In recent years, the lab has been working on how to account for undescribed species when estimating extinction rates (see previous posts here, here, and here). The issue at stake is that some species may go extinct before they become known to science, and that failure to account for these statistically can lead to underestimates of extinction rates. In a new paper led by Deon, we compare our lab’s SEUX model with an earlier model by Tedesco et al. (2014). For the new paper we collaborated with Tedesco and tested the two models against his original global data sets as well as simulated data.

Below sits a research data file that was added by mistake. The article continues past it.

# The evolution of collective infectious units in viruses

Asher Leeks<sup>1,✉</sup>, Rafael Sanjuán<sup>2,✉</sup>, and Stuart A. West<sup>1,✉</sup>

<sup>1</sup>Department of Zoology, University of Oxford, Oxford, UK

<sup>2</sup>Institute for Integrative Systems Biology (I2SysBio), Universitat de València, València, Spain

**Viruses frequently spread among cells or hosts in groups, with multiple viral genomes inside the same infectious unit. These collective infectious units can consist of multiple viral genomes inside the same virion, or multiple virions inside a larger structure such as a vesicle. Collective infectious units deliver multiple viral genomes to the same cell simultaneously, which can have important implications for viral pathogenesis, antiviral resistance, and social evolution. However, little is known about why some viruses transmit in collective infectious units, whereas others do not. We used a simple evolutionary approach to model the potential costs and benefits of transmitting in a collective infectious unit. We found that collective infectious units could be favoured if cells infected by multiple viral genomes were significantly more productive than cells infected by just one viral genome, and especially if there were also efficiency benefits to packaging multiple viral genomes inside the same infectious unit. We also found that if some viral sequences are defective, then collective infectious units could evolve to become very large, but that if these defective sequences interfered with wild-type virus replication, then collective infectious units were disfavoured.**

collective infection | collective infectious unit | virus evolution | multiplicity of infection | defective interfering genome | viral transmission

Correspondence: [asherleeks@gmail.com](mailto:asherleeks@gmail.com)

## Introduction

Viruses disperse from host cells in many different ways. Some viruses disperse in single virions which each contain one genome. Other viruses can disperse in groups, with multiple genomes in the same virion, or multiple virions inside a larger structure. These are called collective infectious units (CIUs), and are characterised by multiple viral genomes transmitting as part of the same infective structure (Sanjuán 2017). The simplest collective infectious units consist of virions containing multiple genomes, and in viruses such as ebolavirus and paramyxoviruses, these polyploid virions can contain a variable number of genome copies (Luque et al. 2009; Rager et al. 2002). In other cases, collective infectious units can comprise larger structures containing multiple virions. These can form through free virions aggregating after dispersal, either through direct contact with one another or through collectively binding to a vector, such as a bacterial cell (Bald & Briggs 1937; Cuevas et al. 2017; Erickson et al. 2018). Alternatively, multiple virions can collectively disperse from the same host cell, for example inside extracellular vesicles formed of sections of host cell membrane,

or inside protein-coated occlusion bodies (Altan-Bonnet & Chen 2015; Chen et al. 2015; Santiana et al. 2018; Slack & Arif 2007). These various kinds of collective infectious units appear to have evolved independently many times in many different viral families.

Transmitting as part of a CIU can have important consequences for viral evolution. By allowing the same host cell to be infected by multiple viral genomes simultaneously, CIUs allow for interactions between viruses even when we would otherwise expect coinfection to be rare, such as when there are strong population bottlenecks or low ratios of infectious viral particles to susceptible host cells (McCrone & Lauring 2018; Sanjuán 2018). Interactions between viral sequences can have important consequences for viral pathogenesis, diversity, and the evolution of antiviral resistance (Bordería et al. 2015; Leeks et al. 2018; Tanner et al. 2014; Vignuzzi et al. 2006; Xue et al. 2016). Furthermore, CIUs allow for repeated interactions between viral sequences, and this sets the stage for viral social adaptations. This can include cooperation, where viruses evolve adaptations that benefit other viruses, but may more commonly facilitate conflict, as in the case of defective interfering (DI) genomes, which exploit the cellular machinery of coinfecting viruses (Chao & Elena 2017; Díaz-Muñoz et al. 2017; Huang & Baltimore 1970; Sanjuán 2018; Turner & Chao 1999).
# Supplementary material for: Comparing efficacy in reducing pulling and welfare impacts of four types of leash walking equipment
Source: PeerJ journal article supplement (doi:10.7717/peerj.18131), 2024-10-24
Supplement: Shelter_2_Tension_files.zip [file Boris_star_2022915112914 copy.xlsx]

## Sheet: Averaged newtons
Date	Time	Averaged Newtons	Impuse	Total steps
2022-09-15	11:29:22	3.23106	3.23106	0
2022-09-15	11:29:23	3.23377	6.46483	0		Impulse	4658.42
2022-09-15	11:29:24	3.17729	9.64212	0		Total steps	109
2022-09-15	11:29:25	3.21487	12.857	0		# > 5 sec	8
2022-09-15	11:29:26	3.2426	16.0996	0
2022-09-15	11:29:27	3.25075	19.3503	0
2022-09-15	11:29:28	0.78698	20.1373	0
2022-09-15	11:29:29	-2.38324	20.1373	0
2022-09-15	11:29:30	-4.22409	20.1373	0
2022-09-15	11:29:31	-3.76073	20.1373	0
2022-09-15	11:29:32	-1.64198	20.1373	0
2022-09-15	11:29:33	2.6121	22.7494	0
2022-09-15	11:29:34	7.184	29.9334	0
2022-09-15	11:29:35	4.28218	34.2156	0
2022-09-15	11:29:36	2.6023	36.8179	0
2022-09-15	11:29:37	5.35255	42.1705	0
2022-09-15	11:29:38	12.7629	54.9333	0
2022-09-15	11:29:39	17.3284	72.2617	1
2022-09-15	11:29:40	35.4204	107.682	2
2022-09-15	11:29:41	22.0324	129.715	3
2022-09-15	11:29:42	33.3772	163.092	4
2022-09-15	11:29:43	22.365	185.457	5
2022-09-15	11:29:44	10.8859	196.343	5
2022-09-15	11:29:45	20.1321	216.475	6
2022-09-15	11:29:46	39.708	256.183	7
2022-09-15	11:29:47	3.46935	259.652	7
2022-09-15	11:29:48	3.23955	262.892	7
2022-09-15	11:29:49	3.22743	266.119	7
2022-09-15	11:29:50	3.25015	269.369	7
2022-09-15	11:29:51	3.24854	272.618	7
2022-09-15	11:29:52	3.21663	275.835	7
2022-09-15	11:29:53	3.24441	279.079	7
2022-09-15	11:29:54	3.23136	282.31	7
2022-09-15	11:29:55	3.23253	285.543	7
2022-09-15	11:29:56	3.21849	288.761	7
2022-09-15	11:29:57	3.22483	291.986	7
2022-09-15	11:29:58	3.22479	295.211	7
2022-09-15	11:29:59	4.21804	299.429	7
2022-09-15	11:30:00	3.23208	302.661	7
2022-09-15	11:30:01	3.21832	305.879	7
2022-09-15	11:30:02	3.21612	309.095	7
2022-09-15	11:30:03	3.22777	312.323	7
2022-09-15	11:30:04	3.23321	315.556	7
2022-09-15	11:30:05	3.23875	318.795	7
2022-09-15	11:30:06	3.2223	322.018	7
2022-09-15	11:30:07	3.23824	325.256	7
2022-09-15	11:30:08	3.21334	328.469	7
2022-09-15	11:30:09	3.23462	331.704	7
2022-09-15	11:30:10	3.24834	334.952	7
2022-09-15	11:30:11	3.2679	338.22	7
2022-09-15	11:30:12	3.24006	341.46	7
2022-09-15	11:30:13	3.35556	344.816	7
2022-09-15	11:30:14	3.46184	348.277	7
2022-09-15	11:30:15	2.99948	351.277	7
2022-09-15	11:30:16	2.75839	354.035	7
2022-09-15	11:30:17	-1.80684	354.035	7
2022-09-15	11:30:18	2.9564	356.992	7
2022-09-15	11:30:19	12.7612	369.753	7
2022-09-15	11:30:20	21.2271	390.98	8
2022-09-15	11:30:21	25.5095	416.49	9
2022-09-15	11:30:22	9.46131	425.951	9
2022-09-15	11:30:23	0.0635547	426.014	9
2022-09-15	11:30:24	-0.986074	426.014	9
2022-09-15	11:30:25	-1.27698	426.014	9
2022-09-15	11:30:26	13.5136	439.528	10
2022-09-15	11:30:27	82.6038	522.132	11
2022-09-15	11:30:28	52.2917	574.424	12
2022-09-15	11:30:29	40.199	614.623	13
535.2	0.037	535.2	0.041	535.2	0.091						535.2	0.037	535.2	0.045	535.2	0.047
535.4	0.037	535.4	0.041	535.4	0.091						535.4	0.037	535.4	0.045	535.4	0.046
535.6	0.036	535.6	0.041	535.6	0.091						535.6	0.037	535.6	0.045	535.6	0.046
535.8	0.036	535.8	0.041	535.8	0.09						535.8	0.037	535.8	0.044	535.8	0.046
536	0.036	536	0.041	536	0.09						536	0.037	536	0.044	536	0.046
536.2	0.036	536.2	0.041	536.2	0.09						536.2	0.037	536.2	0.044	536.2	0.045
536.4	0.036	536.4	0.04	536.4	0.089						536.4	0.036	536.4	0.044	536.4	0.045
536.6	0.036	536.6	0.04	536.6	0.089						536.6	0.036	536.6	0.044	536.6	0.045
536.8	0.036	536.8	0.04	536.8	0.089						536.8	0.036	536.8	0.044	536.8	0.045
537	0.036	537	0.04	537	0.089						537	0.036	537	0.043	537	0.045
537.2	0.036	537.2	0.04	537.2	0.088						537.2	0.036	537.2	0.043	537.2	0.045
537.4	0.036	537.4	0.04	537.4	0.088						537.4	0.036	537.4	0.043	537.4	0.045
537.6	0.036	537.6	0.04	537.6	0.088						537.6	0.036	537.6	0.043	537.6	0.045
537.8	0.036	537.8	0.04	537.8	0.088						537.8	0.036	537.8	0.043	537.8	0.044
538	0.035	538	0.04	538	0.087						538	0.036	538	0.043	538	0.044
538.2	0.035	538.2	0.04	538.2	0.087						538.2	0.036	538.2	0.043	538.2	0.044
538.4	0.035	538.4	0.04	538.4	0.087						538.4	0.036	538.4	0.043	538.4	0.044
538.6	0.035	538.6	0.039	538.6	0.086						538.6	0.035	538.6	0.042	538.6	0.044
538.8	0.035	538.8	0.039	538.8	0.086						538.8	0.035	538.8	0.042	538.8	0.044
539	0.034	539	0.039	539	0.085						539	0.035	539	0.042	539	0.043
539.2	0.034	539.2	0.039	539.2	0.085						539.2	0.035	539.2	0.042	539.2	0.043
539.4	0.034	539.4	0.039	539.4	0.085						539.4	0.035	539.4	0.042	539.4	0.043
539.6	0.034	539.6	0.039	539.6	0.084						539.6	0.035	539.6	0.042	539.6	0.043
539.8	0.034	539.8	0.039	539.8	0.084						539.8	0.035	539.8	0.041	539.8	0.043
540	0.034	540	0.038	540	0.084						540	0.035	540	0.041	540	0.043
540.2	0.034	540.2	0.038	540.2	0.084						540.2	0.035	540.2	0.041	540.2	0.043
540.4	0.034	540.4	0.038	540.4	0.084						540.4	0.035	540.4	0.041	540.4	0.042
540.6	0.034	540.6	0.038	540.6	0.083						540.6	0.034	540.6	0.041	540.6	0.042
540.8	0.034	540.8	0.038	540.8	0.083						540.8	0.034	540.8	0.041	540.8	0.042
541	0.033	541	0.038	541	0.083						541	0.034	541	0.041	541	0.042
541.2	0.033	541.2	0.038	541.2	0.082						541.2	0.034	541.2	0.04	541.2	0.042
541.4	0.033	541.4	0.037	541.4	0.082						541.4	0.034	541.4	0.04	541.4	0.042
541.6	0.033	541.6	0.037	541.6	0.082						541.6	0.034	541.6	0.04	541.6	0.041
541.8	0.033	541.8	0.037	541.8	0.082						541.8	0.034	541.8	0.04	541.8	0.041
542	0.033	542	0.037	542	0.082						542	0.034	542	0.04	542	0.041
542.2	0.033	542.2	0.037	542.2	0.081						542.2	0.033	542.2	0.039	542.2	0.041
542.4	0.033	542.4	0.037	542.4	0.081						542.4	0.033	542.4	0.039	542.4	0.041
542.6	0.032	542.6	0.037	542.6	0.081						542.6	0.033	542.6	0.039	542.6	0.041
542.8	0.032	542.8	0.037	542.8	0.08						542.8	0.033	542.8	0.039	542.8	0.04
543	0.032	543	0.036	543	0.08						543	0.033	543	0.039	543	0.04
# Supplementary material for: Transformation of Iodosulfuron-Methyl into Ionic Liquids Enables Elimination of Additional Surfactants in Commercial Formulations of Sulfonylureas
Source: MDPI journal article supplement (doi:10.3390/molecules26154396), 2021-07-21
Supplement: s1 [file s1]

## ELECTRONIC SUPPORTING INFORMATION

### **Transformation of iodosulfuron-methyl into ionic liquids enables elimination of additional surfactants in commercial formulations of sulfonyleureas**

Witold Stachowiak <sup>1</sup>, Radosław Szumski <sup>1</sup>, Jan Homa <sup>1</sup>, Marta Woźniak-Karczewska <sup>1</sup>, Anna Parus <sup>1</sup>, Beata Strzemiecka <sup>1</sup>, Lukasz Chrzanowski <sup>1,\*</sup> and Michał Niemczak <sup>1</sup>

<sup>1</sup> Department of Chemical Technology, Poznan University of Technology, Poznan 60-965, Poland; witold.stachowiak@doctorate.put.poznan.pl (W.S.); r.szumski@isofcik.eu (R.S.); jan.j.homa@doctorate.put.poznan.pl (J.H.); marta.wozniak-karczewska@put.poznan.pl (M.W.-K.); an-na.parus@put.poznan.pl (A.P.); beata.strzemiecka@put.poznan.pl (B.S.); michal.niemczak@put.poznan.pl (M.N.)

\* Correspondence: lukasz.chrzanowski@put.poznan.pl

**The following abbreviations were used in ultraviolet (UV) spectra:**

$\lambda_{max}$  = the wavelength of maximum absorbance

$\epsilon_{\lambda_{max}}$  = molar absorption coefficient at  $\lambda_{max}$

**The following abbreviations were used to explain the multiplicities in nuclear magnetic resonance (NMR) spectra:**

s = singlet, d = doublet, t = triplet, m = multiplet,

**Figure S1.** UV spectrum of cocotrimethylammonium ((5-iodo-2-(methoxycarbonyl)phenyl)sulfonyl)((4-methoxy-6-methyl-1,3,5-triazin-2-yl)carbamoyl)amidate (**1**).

Reassuringly, the two models produced fairly similar estimates of the proportion of extinct species, accounting for undescribed species, when applied to the global data sets (see figure below). For example, the SEUX and Tedesco models estimated, respectively, that 12% and 11% of Australian mammals have gone extinct over the last 200 years, compared to the naïve estimate of 7% (which ignores undescribed extinctions). However, a few caveats emerged. Firstly, the SEUX model assumes that there are no extant undescribed species in the present day, and as a result of this assumption may underestimate the absolute number of extinctions (as opposed to the proportion). Secondly, both models assume that the probability of a species going extinct is independent of its probability of being described. Applications to our simulated data showed that violation of this latter assumption can lead to large biases in the extinction estimates. We also found evidence that the assumption may be violated in a few of our real-world data sets. More work is needed to investigate possible correlations between extinction and detection rates. Despite these caveats, our two models reinforce the notion that undescribed extinctions can be large and need to be accounted for in holistic assessments of human impacts on the environment.